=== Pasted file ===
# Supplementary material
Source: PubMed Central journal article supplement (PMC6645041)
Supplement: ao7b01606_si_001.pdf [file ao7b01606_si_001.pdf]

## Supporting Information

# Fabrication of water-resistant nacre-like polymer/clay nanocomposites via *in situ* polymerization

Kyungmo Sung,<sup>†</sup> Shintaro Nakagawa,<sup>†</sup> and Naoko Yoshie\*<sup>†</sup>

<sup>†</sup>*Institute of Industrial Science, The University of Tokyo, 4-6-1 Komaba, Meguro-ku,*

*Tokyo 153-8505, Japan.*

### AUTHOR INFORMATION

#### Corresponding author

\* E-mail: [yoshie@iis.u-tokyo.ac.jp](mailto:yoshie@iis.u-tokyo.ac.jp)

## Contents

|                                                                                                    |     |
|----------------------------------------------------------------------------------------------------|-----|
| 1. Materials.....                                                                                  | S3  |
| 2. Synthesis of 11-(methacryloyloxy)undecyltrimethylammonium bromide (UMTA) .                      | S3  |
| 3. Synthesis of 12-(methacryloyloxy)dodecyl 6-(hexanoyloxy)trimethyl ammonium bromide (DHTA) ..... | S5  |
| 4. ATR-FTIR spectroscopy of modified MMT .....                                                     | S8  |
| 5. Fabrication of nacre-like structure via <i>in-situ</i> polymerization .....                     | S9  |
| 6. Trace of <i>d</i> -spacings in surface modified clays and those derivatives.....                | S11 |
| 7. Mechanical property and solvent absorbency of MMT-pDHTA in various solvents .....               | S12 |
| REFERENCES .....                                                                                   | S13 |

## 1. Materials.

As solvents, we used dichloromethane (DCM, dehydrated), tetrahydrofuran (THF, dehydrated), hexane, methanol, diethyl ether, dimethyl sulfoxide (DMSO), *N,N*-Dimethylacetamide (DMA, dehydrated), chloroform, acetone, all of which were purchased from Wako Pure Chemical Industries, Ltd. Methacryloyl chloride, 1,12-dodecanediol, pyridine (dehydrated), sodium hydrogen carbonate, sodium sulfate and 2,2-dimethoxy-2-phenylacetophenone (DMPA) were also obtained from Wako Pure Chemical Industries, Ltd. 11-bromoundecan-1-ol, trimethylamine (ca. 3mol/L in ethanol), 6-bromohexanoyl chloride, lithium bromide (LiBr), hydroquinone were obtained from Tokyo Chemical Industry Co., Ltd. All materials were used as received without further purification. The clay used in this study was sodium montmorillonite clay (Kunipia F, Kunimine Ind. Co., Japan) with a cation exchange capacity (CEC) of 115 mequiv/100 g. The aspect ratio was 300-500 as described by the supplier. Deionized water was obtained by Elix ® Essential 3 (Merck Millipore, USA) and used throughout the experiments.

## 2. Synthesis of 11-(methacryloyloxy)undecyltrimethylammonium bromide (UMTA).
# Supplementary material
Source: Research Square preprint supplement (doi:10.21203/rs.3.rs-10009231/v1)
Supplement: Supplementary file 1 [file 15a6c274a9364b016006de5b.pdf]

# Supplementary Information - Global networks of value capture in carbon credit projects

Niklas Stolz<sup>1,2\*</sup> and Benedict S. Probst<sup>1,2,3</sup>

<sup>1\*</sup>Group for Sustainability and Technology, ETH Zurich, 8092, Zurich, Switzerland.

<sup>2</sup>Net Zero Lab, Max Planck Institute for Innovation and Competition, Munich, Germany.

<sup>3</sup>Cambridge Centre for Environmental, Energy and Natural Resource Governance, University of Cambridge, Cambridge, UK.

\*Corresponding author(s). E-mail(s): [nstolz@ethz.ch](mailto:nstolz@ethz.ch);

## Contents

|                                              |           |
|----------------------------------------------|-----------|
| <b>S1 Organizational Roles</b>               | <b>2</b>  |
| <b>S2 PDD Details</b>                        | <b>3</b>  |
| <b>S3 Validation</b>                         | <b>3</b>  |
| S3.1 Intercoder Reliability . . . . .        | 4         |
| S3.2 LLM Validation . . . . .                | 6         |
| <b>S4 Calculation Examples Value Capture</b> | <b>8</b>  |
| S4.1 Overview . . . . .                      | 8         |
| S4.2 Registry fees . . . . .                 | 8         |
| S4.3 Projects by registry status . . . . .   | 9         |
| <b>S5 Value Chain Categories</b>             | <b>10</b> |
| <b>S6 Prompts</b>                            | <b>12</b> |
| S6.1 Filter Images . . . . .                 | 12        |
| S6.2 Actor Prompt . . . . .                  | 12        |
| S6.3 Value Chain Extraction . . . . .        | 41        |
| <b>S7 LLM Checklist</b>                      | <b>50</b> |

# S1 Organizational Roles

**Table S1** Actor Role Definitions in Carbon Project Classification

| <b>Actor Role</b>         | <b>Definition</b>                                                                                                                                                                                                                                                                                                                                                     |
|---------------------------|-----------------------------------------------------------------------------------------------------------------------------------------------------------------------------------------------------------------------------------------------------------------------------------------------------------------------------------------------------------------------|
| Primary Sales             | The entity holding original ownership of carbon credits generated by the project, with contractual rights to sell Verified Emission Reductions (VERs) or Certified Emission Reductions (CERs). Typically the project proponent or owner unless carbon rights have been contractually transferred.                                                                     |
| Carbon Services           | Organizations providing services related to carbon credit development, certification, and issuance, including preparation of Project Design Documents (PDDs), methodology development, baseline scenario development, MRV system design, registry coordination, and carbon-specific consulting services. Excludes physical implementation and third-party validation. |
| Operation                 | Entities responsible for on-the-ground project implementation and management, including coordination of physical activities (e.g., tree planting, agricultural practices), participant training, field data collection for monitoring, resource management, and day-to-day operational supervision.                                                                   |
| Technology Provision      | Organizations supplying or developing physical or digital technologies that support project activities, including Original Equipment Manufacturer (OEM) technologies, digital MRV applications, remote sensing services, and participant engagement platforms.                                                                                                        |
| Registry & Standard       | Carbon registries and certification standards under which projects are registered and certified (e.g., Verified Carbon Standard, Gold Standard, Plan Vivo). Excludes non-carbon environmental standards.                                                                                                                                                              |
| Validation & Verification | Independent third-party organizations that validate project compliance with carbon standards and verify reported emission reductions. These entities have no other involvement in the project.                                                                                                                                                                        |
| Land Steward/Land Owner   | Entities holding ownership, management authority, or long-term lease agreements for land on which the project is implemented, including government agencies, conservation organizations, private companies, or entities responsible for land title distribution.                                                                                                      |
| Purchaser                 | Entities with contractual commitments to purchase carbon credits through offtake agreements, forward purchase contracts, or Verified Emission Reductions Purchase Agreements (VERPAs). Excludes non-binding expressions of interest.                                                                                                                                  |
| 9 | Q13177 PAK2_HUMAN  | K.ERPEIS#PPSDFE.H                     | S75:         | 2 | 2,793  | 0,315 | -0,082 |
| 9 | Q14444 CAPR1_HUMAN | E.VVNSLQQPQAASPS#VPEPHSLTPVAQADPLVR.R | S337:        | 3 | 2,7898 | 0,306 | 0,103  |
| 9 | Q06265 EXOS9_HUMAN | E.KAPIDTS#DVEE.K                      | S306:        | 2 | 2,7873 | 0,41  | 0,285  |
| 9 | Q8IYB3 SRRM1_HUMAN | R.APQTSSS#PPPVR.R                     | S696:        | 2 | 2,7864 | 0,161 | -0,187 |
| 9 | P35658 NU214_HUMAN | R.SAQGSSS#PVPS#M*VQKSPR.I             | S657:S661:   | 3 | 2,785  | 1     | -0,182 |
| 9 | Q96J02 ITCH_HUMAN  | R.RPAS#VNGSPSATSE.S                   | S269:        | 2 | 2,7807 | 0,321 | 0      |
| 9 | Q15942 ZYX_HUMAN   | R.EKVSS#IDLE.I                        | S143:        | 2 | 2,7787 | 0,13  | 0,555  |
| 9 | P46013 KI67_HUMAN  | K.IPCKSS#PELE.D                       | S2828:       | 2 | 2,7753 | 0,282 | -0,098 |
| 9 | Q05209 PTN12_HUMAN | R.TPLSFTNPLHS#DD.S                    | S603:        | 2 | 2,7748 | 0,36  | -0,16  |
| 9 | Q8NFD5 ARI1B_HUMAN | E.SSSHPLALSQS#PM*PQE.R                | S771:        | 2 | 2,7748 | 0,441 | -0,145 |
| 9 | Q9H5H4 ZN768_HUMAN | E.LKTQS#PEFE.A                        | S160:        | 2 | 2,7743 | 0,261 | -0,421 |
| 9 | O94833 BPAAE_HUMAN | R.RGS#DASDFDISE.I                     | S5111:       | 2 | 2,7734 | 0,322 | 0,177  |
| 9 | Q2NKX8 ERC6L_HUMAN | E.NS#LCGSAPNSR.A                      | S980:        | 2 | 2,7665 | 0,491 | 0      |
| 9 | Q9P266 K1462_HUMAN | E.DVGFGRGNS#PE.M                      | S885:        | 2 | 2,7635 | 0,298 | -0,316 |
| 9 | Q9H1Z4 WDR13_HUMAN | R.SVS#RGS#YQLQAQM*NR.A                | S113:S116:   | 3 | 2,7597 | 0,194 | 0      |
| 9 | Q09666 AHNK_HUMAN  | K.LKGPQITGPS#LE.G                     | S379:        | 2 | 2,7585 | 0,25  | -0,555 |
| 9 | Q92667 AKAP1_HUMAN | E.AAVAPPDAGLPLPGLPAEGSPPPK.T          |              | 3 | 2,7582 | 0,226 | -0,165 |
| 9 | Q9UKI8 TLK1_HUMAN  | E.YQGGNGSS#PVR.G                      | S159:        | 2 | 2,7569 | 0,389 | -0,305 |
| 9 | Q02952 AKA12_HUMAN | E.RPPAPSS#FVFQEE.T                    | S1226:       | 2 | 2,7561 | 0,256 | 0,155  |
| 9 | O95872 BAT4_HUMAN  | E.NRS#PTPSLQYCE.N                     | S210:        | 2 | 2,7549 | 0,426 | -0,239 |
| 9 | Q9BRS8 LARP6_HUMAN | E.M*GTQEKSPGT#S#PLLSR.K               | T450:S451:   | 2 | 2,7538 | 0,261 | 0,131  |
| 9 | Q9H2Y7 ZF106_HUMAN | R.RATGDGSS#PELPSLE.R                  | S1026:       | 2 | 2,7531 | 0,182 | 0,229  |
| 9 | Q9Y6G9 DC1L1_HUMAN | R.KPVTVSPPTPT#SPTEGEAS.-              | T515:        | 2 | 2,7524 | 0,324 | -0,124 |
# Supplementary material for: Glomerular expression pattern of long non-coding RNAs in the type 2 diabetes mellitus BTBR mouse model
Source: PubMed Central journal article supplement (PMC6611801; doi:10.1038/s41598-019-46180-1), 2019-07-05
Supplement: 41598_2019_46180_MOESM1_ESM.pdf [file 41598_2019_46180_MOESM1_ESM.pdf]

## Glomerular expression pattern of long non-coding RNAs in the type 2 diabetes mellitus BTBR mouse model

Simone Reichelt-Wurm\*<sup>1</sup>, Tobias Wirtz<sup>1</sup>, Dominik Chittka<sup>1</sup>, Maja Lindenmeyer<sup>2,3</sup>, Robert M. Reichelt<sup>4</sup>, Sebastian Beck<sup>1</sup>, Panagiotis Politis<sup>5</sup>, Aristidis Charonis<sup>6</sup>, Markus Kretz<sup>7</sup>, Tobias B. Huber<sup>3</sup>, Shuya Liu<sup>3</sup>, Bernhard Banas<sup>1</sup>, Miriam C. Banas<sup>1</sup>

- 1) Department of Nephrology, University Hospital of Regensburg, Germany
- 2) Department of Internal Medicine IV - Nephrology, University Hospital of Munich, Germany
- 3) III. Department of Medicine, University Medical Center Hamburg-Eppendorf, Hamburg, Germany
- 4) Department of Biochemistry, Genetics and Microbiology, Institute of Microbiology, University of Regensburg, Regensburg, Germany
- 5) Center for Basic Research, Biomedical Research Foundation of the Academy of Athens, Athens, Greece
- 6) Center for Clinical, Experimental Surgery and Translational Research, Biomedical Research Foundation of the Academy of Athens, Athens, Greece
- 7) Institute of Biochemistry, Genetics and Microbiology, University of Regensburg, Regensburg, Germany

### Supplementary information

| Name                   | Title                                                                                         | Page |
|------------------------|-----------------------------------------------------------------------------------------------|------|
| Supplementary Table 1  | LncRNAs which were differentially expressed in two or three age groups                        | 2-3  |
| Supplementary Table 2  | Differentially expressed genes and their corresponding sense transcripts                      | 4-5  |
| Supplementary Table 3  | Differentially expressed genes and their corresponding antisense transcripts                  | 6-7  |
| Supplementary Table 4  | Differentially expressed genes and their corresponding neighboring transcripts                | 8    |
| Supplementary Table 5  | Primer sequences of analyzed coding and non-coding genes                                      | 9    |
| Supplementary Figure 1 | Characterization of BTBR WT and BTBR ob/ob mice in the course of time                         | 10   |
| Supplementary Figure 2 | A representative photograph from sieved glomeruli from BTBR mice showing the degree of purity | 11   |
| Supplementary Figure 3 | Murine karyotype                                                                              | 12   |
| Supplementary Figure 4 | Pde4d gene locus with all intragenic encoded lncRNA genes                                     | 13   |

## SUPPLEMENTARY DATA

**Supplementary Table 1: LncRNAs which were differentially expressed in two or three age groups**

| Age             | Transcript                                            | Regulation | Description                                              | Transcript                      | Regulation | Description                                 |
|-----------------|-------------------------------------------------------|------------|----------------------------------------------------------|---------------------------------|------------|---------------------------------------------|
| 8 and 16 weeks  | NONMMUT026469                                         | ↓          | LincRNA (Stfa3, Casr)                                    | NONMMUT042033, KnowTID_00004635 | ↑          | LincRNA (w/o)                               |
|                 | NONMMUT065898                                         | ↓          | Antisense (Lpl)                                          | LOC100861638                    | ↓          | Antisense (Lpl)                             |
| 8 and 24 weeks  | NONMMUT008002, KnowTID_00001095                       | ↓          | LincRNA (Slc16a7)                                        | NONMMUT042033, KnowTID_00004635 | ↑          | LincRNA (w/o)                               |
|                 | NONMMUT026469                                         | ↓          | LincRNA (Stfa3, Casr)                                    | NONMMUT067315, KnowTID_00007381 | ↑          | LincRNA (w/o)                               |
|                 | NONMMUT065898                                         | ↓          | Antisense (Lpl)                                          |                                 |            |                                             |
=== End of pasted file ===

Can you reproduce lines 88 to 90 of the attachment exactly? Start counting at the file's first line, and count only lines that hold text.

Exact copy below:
# Supplementary material for: Glomerular expression pattern of long non-coding RNAs in the type 2 diabetes mellitus BTBR mouse model
Source: PubMed Central journal article supplement (PMC6611801; doi:10.1038/s41598-019-46180-1), 2019-07-05
Supplement: 41598_2019_46180_MOESM1_ESM.pdf [file 41598_2019_46180_MOESM1_ESM.pdf]